Central Heating

Types of Domestic Boilers Explained

domestic boilers explained

There are several different types of domestic boilers on the market, and which one you choose depends on both your heating requirements and your budget. Before we look at the different types of boilers available, we should point out that Gas Boilers must be installed by a Corgi registered installer (and they should have relevant and up-to-date public liability insurance).

Heating Requirements

If you are having a new domestic boiler installed, you need to make sure that it is powerful enough for the amount of radiators in your house, as well as the hot water cylinder. If you are having the boiler installed, the heating engineer you plan to use should be able to advise you. If he/she cannot, you can work out your power requirements yourself. To do this, check the manufacturers specified heat output for all the radiators in you house and add the figures up. Now add a 3kW allowance for the hot water cylinder and you have your minimum power requirement.

Ideal Room Temperatures

If you are having a central heating system installed, your heating engineer will try to provide a system which can heat your rooms to certain temperatures. The temperatures below are the average or ideal temperatures for the rooms in your house. However, there is no real reason why you can’t plan to have a much warmer or cooler house.

Bathroom – 23c (72f)

Dining Room – 21c (70f)

Living Room – 21c (70f)

Hallways – 18c (65f)

Bedroom – 16c (60f)

kitchen – 16c (60f)

Gas-Fired Boilers

Gas-fired boilers are probably the most common type in the UK and there are models to suit all budgets and heating requirements. Most Gas-fired boilers have a pilot light which is always lit, ready to light the burners at the flick of a switch. Gas-fired boilers can be manually operated or set on a timer. You can also link the boiler to thermostats in each room so that a constant temperature can be maintained. Some newer gas-fired boilers will have an electric ignition, which removes the need for a pilot light.

Oil-Fired Boilers

Oil-fired boilers work in a similar way to gas-fired boiler and have very similar controls. As with gas-fired boilers, modern oil-fired boilers will be condensing boilers, making them much more efficient. In general, this type of boiler will initially be more expensive than a similar gas-fired boiler, but could offer better fuel efficiency over time. The other benefit of an oil-fired boiler is that it does not need to be connected to a mains supply. You will need to have an oil tank installed in an area of your garden which is easily acessible, but this could be a good option for rural or remote properties with limited or difficult access to the mains gas supply.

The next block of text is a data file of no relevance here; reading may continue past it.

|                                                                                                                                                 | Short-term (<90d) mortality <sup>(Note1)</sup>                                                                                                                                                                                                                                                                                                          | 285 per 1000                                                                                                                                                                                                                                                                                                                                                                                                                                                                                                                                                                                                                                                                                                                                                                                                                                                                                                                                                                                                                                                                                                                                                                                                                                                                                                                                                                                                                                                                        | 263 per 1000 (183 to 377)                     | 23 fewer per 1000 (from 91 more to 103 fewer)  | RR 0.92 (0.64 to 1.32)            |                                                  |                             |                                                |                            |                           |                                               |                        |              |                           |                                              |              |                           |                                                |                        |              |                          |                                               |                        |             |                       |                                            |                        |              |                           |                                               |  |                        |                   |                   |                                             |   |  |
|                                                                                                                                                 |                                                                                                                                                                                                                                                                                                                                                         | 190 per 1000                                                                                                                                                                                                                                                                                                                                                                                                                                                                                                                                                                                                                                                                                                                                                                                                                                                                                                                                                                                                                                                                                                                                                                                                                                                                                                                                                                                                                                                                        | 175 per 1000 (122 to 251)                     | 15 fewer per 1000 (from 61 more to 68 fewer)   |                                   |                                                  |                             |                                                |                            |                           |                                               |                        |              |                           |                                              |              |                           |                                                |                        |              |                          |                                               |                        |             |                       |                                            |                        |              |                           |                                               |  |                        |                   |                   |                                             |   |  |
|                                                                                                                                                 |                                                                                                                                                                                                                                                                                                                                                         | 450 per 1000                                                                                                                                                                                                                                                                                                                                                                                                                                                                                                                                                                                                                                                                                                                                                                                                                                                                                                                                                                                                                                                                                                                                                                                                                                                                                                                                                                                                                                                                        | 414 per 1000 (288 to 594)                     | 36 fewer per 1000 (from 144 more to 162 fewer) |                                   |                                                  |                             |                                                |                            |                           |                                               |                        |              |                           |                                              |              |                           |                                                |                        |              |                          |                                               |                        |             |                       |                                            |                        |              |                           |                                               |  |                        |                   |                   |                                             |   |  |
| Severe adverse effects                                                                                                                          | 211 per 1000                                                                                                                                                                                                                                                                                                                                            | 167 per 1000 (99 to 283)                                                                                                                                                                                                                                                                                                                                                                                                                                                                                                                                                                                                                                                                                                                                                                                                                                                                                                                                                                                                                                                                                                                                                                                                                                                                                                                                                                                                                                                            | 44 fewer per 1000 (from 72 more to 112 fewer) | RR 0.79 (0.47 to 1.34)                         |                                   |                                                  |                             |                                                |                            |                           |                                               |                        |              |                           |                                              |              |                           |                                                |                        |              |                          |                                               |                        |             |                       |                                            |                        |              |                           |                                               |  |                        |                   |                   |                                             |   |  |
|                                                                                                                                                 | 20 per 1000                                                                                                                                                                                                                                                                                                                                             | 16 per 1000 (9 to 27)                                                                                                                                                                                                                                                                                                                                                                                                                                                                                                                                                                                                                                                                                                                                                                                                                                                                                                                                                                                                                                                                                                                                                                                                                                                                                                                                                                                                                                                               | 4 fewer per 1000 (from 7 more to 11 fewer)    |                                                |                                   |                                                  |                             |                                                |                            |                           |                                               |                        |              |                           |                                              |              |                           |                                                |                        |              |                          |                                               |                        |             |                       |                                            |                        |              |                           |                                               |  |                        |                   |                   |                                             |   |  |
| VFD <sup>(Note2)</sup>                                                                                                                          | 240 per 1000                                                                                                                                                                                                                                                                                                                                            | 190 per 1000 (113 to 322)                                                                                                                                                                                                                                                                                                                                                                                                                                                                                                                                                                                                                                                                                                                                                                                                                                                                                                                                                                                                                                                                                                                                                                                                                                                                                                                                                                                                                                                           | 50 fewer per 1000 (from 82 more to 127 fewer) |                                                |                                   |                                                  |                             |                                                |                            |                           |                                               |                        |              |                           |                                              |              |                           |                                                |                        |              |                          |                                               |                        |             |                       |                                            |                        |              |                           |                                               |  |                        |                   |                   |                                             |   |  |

Soild-Fuel Boilers

Solid-fuel boilers are much less common than the two examples above, but can still be found in homes across the country. Solid-fuel boilers differ from gas and oil-fired boilers in that they do not provide instant heat and must be “fed” with a solid Anthracite fuel or other smokeless fuel. In some cases, solid-fuel boilers will not need an electricity supply for ignition, meaning hot water and heating can still be maintained during a power cut. Solid-fuel boilers are available in two basic types: gravity fed and batch fed.

Combination Boilers

Combination boilers can provide hot water for the heating system and a separate supply for taps and showers. Combination boilers heat the water as it is needed from the mains supply, meaning that you do not need a hot water cylinder or a storage tank in the loft. This makes them ideal for small house and flats but as the flow rate is fairly slow and often you will not be able to run two hot taps at once, may not be suitable for a family home. However, as they are easy to install and you only heat the water you need, combination boilers are often one of the cheapest options available.

Condensing Boilers

By law, all new domestic boilers fitted in the UK must now be condensing boilers (except in some exceptional circumstances). Condensing boilers are up to 90% efficient, compared to non-condensing boilers which could be only 60 or 70% efficient, meaning that they save both energy and money. Condensing boilers work by using a large heat exchanger to make the best possible use of the heat from the burners, which also reduces heat loss from the flue. They are available in regular and combination types and can usually be fitted to an existing heating system without too much trouble.